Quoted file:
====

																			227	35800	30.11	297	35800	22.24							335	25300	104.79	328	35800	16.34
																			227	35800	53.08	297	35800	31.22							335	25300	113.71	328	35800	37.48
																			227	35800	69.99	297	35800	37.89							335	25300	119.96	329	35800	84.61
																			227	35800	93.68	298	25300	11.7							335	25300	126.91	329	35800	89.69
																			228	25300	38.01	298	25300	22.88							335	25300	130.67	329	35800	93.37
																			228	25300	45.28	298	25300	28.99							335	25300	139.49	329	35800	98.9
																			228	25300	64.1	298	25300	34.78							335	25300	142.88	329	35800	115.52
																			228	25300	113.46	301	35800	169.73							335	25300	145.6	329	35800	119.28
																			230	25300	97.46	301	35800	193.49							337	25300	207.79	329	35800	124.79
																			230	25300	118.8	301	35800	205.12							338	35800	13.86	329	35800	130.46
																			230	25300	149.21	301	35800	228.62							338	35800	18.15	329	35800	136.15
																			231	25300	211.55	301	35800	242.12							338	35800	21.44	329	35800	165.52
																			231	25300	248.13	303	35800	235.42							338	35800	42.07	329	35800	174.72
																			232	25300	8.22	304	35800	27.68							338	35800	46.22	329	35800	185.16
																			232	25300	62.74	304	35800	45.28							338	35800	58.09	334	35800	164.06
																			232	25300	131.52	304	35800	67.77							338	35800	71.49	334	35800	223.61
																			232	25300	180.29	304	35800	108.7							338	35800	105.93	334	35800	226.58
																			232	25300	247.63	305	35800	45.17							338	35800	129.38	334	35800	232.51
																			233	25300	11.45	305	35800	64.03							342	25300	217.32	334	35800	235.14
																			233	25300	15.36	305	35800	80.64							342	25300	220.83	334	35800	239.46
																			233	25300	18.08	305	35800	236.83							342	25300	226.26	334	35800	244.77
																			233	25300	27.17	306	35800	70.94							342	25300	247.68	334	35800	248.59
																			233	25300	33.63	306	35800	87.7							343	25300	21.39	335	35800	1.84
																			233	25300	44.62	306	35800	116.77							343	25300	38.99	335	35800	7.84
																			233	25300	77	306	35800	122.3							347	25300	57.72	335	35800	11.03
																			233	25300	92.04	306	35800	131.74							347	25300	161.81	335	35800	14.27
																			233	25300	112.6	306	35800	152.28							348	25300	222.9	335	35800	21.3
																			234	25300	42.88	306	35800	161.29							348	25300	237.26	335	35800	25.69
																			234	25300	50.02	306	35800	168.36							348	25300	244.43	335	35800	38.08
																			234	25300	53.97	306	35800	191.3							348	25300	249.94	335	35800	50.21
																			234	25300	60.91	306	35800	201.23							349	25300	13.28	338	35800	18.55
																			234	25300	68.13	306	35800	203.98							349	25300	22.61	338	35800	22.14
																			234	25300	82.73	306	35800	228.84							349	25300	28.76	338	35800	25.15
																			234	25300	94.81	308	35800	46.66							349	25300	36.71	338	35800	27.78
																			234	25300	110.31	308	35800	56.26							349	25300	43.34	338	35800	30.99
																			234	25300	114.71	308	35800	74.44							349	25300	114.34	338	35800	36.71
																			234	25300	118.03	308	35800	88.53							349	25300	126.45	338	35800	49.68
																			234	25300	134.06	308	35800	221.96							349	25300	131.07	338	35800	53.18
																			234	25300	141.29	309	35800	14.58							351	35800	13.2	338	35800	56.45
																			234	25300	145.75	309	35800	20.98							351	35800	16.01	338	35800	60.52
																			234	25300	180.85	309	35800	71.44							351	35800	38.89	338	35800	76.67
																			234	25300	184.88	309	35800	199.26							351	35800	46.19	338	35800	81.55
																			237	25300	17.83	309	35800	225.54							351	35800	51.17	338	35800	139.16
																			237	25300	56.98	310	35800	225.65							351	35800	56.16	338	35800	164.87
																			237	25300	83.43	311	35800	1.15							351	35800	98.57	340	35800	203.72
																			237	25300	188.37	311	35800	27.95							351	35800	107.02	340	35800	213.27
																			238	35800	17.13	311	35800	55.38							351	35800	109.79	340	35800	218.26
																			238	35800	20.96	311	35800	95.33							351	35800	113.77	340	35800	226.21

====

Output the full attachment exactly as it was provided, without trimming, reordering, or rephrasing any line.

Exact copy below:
																			227	35800	30.11	297	35800	22.24							335	25300	104.79	328	35800	16.34
																			227	35800	53.08	297	35800	31.22							335	25300	113.71	328	35800	37.48
																			227	35800	69.99	297	35800	37.89							335	25300	119.96	329	35800	84.61
																			227	35800	93.68	298	25300	11.7							335	25300	126.91	329	35800	89.69
																			228	25300	38.01	298	25300	22.88							335	25300	130.67	329	35800	93.37
																			228	25300	45.28	298	25300	28.99							335	25300	139.49	329	35800	98.9
																			228	25300	64.1	298	25300	34.78							335	25300	142.88	329	35800	115.52
																			228	25300	113.46	301	35800	169.73							335	25300	145.6	329	35800	119.28
																			230	25300	97.46	301	35800	193.49							337	25300	207.79	329	35800	124.79
																			230	25300	118.8	301	35800	205.12							338	35800	13.86	329	35800	130.46
																			230	25300	149.21	301	35800	228.62							338	35800	18.15	329	35800	136.15
																			231	25300	211.55	301	35800	242.12							338	35800	21.44	329	35800	165.52
																			231	25300	248.13	303	35800	235.42							338	35800	42.07	329	35800	174.72
																			232	25300	8.22	304	35800	27.68							338	35800	46.22	329	35800	185.16
																			232	25300	62.74	304	35800	45.28							338	35800	58.09	334	35800	164.06
																			232	25300	131.52	304	35800	67.77							338	35800	71.49	334	35800	223.61
																			232	25300	180.29	304	35800	108.7							338	35800	105.93	334	35800	226.58
																			232	25300	247.63	305	35800	45.17							338	35800	129.38	334	35800	232.51
																			233	25300	11.45	305	35800	64.03							342	25300	217.32	334	35800	235.14
																			233	25300	15.36	305	35800	80.64							342	25300	220.83	334	35800	239.46
																			233	25300	18.08	305	35800	236.83							342	25300	226.26	334	35800	244.77
																			233	25300	27.17	306	35800	70.94							342	25300	247.68	334	35800	248.59
																			233	25300	33.63	306	35800	87.7							343	25300	21.39	335	35800	1.84
																			233	25300	44.62	306	35800	116.77							343	25300	38.99	335	35800	7.84
																			233	25300	77	306	35800	122.3							347	25300	57.72	335	35800	11.03
																			233	25300	92.04	306	35800	131.74							347	25300	161.81	335	35800	14.27
																			233	25300	112.6	306	35800	152.28							348	25300	222.9	335	35800	21.3
																			234	25300	42.88	306	35800	161.29							348	25300	237.26	335	35800	25.69
																			234	25300	50.02	306	35800	168.36							348	25300	244.43	335	35800	38.08
																			234	25300	53.97	306	35800	191.3							348	25300	249.94	335	35800	50.21
																			234	25300	60.91	306	35800	201.23							349	25300	13.28	338	35800	18.55
																			234	25300	68.13	306	35800	203.98							349	25300	22.61	338	35800	22.14
																			234	25300	82.73	306	35800	228.84							349	25300	28.76	338	35800	25.15
																			234	25300	94.81	308	35800	46.66							349	25300	36.71	338	35800	27.78
																			234	25300	110.31	308	35800	56.26							349	25300	43.34	338	35800	30.99
																			234	25300	114.71	308	35800	74.44							349	25300	114.34	338	35800	36.71
																			234	25300	118.03	308	35800	88.53							349	25300	126.45	338	35800	49.68
																			234	25300	134.06	308	35800	221.96							349	25300	131.07	338	35800	53.18
																			234	25300	141.29	309	35800	14.58							351	35800	13.2	338	35800	56.45
																			234	25300	145.75	309	35800	20.98							351	35800	16.01	338	35800	60.52
																			234	25300	180.85	309	35800	71.44							351	35800	38.89	338	35800	76.67
																			234	25300	184.88	309	35800	199.26							351	35800	46.19	338	35800	81.55
																			237	25300	17.83	309	35800	225.54							351	35800	51.17	338	35800	139.16
																			237	25300	56.98	310	35800	225.65							351	35800	56.16	338	35800	164.87
																			237	25300	83.43	311	35800	1.15							351	35800	98.57	340	35800	203.72
																			237	25300	188.37	311	35800	27.95							351	35800	107.02	340	35800	213.27
																			238	35800	17.13	311	35800	55.38							351	35800	109.79	340	35800	218.26
																			238	35800	20.96	311	35800	95.33							351	35800	113.77	340	35800	226.21